Back in 2014, I was living and thriving in Louisville, KY. Unexpectedly, health issues forced me to quit my job. My partner suggested we move back to his home town, Montcalm, West Virginia. He told me he was confident that he could find steady employment and promised to take care of us. Off we went.
When we arrived, we moved in with his daughter. She and her partner lived in a trailer park in Princeton. Conditions were not ideal. We didn't even have a bed to sleep in. I was just grateful to have a roof over my head and not have to worry about working so I could allow my body to heal. As the weeks went by, I was finally able to start venturing out of the house and that's when I experienced a little culture shock. People I encountered were generally friendly, but I still had a sense of bewilderment. My partner warned me that a lot of people were not to be trusted. I didn't quite know what that meant being that I grew up in a Catholic home in Cincinnati and was taught to trust everyone. I soon discovered that this was a "get or be got" world in southern West Virginia. Most people were on disability for no apparent reason and were addicted to some kind of drug, mostly opioids.
My partner, of whom I loved and trusted, never actually got a steady job for more than a few months. I signed up for government food assistance so that we could contribute something to the living arrangements. Apparently, his daughter's partner sold drugs to bring in money but they too were on government assistance, as was most of the people I met in the trailer park.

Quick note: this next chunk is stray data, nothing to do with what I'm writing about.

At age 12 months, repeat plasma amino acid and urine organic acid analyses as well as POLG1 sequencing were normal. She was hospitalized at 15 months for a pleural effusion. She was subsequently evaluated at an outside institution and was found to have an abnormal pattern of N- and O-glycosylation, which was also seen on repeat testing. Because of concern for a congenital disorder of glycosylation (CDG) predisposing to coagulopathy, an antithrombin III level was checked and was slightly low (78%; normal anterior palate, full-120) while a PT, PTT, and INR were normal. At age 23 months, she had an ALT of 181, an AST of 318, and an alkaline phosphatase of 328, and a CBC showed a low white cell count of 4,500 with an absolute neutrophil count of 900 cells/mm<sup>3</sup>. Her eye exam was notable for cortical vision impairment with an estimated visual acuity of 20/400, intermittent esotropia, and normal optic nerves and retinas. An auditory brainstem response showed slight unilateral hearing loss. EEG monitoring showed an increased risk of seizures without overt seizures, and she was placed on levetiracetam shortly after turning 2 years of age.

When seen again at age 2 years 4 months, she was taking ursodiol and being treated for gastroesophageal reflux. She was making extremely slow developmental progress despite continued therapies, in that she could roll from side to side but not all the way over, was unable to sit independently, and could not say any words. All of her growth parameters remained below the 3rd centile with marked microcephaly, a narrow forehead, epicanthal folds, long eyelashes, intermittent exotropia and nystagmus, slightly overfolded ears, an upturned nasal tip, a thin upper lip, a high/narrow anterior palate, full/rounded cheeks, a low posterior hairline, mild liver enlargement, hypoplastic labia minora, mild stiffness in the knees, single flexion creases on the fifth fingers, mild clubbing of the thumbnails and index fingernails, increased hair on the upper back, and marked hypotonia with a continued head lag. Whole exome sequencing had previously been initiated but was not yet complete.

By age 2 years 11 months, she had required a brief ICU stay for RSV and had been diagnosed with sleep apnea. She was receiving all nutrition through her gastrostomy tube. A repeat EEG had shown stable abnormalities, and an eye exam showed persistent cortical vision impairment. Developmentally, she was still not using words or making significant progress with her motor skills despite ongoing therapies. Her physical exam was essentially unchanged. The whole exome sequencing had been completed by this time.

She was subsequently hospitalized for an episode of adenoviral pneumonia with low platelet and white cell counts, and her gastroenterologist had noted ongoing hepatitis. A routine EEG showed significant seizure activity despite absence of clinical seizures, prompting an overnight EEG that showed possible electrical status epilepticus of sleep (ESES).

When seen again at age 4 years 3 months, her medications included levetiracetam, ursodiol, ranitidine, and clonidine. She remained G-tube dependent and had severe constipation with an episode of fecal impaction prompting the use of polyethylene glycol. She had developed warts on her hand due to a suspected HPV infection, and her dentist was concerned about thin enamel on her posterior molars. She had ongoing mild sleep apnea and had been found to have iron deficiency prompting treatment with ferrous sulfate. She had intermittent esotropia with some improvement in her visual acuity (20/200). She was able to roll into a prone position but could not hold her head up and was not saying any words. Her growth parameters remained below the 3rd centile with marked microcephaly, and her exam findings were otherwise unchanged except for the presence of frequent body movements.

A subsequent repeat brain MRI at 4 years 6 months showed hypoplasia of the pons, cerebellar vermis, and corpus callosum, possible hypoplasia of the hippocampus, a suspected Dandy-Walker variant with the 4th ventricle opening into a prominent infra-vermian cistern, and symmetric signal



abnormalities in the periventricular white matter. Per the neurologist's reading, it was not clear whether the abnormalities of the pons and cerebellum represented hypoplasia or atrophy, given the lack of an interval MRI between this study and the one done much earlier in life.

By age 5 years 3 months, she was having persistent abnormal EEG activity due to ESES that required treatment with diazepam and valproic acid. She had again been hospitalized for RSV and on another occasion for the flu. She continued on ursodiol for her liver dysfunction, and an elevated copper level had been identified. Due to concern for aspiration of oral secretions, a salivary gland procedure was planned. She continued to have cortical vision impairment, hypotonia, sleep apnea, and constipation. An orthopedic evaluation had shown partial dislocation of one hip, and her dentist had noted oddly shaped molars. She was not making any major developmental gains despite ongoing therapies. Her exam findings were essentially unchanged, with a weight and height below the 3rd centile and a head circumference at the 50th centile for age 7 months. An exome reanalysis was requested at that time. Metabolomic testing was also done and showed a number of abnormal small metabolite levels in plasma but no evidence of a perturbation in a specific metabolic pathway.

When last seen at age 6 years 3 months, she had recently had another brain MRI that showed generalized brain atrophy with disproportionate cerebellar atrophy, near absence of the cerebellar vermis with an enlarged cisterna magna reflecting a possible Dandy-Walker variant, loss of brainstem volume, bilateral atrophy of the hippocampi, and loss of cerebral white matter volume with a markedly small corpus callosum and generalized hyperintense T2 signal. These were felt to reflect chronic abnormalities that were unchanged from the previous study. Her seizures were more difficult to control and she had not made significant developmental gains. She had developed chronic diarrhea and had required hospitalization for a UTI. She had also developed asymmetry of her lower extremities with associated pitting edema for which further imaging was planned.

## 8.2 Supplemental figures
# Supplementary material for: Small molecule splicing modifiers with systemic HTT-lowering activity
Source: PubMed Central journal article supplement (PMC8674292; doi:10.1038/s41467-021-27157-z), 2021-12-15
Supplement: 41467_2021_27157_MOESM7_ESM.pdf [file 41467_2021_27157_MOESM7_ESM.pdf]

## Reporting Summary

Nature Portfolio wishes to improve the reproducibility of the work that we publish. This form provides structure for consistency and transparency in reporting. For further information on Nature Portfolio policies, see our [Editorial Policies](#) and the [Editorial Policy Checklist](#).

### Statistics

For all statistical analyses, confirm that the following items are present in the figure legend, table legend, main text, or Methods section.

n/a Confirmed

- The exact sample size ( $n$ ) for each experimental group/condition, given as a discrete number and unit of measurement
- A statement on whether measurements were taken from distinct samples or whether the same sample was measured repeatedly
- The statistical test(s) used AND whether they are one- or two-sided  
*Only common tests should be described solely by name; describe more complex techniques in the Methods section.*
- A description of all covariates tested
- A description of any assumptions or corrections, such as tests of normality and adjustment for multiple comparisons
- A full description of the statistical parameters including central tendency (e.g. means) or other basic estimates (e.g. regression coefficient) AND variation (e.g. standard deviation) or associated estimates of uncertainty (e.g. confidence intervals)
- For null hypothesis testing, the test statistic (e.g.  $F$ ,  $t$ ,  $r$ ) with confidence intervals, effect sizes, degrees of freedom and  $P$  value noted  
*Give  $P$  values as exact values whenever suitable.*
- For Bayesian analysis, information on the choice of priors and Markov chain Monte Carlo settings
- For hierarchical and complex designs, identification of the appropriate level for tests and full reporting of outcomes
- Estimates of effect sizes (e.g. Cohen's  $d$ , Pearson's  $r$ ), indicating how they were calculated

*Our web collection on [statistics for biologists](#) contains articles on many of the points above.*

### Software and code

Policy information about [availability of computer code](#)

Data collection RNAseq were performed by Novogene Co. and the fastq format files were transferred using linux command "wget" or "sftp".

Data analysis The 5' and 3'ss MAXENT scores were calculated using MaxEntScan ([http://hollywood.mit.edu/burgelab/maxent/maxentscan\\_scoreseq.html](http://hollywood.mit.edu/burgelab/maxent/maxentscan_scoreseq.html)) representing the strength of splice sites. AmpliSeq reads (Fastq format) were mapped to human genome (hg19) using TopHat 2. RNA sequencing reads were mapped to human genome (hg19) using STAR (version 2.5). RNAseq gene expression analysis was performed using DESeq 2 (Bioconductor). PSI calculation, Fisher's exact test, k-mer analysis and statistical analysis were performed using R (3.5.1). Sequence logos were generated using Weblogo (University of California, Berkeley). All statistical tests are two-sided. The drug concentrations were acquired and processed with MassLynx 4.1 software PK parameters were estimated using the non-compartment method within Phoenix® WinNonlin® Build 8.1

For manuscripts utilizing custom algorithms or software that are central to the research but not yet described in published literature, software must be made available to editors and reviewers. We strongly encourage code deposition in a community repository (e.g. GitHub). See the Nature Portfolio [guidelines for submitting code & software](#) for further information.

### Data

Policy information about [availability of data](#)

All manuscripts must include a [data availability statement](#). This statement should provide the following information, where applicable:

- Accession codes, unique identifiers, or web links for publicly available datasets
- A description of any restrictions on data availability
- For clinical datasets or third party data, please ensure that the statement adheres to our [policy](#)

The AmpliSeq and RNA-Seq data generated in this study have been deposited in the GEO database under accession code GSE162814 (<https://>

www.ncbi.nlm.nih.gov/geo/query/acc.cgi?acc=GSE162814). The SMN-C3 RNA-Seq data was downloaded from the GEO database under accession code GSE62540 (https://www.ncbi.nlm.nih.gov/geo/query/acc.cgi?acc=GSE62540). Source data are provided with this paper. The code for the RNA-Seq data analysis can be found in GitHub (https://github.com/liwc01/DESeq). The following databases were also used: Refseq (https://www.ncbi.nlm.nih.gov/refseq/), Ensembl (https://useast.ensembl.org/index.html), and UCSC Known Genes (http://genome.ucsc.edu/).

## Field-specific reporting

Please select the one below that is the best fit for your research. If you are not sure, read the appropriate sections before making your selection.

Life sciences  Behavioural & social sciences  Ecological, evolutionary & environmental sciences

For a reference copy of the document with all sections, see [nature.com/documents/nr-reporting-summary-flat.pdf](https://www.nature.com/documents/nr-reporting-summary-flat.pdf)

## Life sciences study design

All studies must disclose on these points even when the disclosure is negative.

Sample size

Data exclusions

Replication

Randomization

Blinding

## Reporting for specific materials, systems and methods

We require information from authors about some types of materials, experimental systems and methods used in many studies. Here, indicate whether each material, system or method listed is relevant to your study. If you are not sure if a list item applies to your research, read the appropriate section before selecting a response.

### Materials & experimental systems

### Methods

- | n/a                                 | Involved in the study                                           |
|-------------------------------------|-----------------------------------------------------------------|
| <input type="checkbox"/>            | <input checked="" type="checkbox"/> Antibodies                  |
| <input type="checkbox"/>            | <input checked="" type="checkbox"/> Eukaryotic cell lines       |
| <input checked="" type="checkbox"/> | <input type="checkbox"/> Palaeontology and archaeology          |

As time went by, I decided that it was time to go back to work. I no longer wished to live the way we were living. There were times when food was in shortage and utilities could not be paid. I could not stand this. I've always made sure that my family and I had everything we needed and more. My partner and I jumped on an opportunity to take over someone's lease to an apartment in downtown Princeton. I walked up and down the street with resume in hand looking for a job. Little did I know, women who walked the streets of Princeton were prostitutes. I was approached a few times, but given my naivety. I was shocked that someone could actually think I was a prostitute!
I managed to land a job working for a very intelligent man that ran several brick and mortar stores that bought/sold gold and silver bullion and jewelry and other unique items. The most interesting thing about this experience was the people I met along the way. Princeton is a very small town, you could call it a village. But again, most of the customers were selling, not buying. People were broke and desperate. Thievery was prevalent.
Meanwhile, my partner was using drugs, and I struggled with trying to pay the bills and support his habit. Eventually, I tired of this and decided I had enough of southern West Virginia. I was able to save some money, buy a car, and move back to Cincinnati.
My experience has taught me that no matter how bad off you think you are, there is always someone out there that has it worse than you. The only thing that really disappointed me is the lack of resources and motivation for individuals in this state to better themselves. I had to get up off of my behind, no matter how bad I felt, and go and get what I knew would enable me to move on and better myself.